Fortune shone on Rubens throughout his career. One of his early pupils was Anthony van Dyck, who soon became Europe’s leading portraitist. Rubens enjoyed productive collaborations with friends like Jan Brueghel the landscape specialist, and with the animal painter Frans Snyders. Most importantly, in a country then dominated by the Counter-Reformation and strict rules of the Jesuits, he learned how to game the system. His many paintings of classical mythology were given a licence for the irreligious and nudity which other works simply couldn’t approach.

Peter Paul Rubens (1577–1640) and Frans Snyders (1579-1657), The Recognition of Philopoemen (c 1609), oil on canvas, 313.5 x 201 cm, Museo Nacional del Prado, Madrid, Spain. Wikimedia Commons.
Peter Paul Rubens (1577–1640), Susanna and the Elders (1609-10), oil on panel, 198 x 218 cm, Real Academia de Bellas Artes de San Fernando, Madrid, Spain. Wikimedia Commons.
Peter Paul Rubens (1577–1640), Venus and Adonis (c 1610), oil on panel, 276 × 183 cm, Museum Kunstpalast, Düsseldorf, Germany. Wikimedia Commons.

A wealthy merchant and churchwarden of the Church of Saint Walburga in Antwerp arranged for Rubens to be commissioned by that church to make a large triptych for it.

Peter Paul Rubens (1577–1640), The Raising of the Cross (c 1610-11), triptych centre panel 462 x 341, wings 462 x 150cm, Onze Lieve Vrouwe-Kerk, Antwerp, Belgium. Wikimedia Commons.

The result is The Raising of the Cross (c 1610-11), which shows the influence of the paintings which Rubens had seen when court painter in Mantua, particularly those of Caravaggio.

Peter Paul Rubens (1577–1640), Juno and Argus (c 1611), oil on canvas, 249 × 296 cm, Wallraf-Richartz-Museum & Fondation Corboud, Cologne, Germany. Wikimedia Commons.

As Rubens and his workshop were completing The Raising of the Cross, the Confraternity of the Arquebusiers of Antwerp commissioned another triptych, this time for the Cathedral of Our Lady in Antwerp.

Peter Paul Rubens (1577–1640), Descent from the Cross (centre panel of triptych) (1612-14), oil on panel, 421 x 311 cm, Onze-Lieve-Vrouwekathedraal, Antwerp, Belgium. Image by Alvesgaspar, via Wikimedia Commons.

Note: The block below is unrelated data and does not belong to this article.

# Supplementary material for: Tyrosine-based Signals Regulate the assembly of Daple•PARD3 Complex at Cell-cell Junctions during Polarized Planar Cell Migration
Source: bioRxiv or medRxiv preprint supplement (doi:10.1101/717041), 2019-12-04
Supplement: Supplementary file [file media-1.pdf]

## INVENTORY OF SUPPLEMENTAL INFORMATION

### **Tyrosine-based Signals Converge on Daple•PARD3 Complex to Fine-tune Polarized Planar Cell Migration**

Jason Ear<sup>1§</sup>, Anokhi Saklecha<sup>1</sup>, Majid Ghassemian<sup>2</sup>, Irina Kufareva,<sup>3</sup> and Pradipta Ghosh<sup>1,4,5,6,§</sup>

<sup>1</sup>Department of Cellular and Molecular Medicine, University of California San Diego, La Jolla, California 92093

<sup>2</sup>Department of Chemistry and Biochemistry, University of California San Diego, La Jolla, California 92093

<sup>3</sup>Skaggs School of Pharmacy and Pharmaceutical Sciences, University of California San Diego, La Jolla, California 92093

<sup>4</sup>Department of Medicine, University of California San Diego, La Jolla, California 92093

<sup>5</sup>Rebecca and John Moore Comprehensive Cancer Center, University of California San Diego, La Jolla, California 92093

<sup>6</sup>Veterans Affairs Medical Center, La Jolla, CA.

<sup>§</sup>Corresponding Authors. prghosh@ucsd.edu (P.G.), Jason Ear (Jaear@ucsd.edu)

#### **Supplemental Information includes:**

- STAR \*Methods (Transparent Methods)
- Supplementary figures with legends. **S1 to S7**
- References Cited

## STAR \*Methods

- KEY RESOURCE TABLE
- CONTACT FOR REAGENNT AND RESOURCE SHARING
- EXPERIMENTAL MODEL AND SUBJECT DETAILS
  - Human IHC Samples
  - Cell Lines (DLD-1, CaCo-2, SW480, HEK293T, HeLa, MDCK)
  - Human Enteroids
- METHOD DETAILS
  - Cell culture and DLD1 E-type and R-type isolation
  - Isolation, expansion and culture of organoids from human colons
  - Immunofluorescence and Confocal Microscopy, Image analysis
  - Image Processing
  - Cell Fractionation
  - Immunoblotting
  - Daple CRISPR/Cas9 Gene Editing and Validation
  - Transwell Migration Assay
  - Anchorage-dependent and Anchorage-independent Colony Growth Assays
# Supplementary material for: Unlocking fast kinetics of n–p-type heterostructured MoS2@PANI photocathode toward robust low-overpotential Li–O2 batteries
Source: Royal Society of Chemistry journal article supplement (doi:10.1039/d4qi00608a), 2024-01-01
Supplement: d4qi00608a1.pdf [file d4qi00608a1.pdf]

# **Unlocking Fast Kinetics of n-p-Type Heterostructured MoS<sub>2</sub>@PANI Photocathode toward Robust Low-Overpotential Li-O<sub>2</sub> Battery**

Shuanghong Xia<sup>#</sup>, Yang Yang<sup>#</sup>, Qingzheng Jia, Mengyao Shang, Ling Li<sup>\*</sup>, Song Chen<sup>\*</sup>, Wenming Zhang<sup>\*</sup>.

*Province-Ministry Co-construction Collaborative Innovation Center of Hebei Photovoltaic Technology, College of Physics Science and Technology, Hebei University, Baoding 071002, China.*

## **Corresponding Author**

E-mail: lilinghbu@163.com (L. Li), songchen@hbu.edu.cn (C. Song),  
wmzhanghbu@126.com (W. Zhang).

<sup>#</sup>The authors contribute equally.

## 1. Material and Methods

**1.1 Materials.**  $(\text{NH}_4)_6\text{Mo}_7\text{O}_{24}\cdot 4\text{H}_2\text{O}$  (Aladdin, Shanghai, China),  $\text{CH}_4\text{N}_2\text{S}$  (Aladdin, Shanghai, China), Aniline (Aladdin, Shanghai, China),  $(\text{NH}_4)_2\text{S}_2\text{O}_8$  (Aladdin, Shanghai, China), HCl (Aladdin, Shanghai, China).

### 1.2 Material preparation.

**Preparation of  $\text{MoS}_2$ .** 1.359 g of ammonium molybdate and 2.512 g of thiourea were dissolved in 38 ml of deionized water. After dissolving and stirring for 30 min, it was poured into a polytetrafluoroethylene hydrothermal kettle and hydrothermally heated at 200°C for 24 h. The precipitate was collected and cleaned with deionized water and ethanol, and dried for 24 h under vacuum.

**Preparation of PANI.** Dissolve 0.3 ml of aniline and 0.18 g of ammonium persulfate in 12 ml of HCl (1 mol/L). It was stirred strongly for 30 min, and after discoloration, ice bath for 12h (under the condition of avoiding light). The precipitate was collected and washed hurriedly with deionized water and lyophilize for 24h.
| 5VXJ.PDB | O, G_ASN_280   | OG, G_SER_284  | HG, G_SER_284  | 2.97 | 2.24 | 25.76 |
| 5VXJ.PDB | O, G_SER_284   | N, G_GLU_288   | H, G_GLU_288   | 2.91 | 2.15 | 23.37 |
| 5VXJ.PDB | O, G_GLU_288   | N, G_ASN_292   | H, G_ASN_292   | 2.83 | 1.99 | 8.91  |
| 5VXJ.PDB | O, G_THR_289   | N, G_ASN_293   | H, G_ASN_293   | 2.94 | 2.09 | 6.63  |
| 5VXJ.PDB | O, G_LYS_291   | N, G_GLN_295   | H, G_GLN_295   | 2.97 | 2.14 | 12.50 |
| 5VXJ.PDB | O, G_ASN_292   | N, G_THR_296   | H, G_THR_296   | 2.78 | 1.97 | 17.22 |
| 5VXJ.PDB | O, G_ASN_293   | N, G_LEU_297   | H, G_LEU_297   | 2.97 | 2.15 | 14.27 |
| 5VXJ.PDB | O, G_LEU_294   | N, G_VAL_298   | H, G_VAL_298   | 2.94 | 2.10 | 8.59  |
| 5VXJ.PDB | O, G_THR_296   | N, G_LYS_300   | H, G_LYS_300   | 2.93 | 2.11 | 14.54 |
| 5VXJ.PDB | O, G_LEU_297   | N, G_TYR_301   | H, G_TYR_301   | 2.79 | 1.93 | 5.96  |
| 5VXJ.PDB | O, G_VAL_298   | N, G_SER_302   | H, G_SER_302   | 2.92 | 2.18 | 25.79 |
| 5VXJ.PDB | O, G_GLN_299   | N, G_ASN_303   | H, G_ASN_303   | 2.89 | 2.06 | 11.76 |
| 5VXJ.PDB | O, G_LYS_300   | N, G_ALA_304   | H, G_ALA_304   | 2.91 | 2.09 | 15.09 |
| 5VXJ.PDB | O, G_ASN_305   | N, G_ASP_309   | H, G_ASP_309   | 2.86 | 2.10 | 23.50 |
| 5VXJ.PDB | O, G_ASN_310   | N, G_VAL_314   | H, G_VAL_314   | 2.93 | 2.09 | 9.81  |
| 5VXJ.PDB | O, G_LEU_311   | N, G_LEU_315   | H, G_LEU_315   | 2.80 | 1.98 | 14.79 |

Its centre panel, Descent from the Cross (1612-14) remains one of Rubens’ greatest religious paintings.

Peter Paul Rubens (1577–1640), Portrait of Albert VII, Archduke of Austria (1559-1621) (c 1618), oil on oak, 105 x 74 cm, Kunsthistorisches Museum, Vienna, Austria. Wikimedia Commons.

Above is Rubens’ Portrait of Albert VII, Archduke of Austria from about 1618, and below is The Infanta Isabella Clara Eugenia from about 1615. Although their taste in painting was almost exclusively for conservative religious works, their patronage of Rubens was a decisive factor in his achievements.

Peter Paul Rubens (1577–1640), The Infanta Isabella Clara Eugenia (1566-1633) (c 1615), oil on oak, 105 x 74 cm, Kunsthistorisches Museum, Vienna, Austria. Wikimedia Commons.

Rubens’ diplomatic missions became vital when the twelve years of truce were allowed to lapse, and the Archduke died in 1621. His widow called on the artist to undertake secret missions in the Netherlands and Germany, and he later went to Spain and England in pursuit of peace in Europe. He was eventually successful in bringing peace to those two nations.

Peter Paul Rubens (1577–1640), The Triumph of Victory (c 1614), oil on oak panel, 161 x 236 cm, Gemäldegalerie Alte Meister, Kassel, Germany. Wikimedia Commons.

In The Triumph of Victory from about 1614, the god of war Mars is dominant, his bloody sword resting on the thigh of Victoria, the personification of victory. She reaches over to place a wreath (either of oak or laurel) on Mars, and holds a staff in her left hand. At the right, Mars is being passed the bundle of crossbow bolts that make up the attribute of Concord.

Under the feet of Mars are the bodies of Rebellion, in the foreground, who still holds his torch, and Discord, on whose cheek a snake is crawling. The bound figure resting against the left knee of Mars is Barbarism.

Jan Brueghel the Elder (1568–1625) and Peter Paul Rubens (1577–1640), Touch (Allegory of the Sense of Touch) (1617-18), oil on panel, 64 × 111 cm, Museo Nacional del Prado, Madrid. Wikimedia Commons.

Touch is one of the five magnificent allegories of the senses painted by Rubens with Jan Brueghel the Elder in 1617-18. Although there are no records of the commissioning of this series, it’s generally thought that they were painted for Archduke Albert and Isabella.

Galerie Médicis, Richelieu wing, Palais du Louvre, París. Image by Matt Biddulph (Flickr), via Wikimedia Commons.

In 1621, Rubens was awarded what must be one of the largest commissions of any painter, telling the story of Marie de’ Medici. This panegyric celebrates her achievements first as the wife of King Henry IV of France, following her marriage in 1600, then as the Regent of France following Henry’s assassination in 1610. These paintings were to adorn her Luxembourg Palace in Paris for the wedding of Marie’s daughter, Henrietta Maria, to King Charles I of England in 1625.

As an artist, diplomat and statesman, Rubens was heavily dependent on his patrons, whether the Duke of Mantua or the Archduke Albert and the Infanta Isabella, as they were on him. Instead of constraining him to a dreary succession of portraits, though, they enabled him to develop to the full, as one of the last truly Renaissance men.



Hugh Trevor-Roper (1976) Princes and Artists, Patronage and Ideology at Four Habsburg Courts 1517-1633, Harper & Row. ISBN 006 014362 1.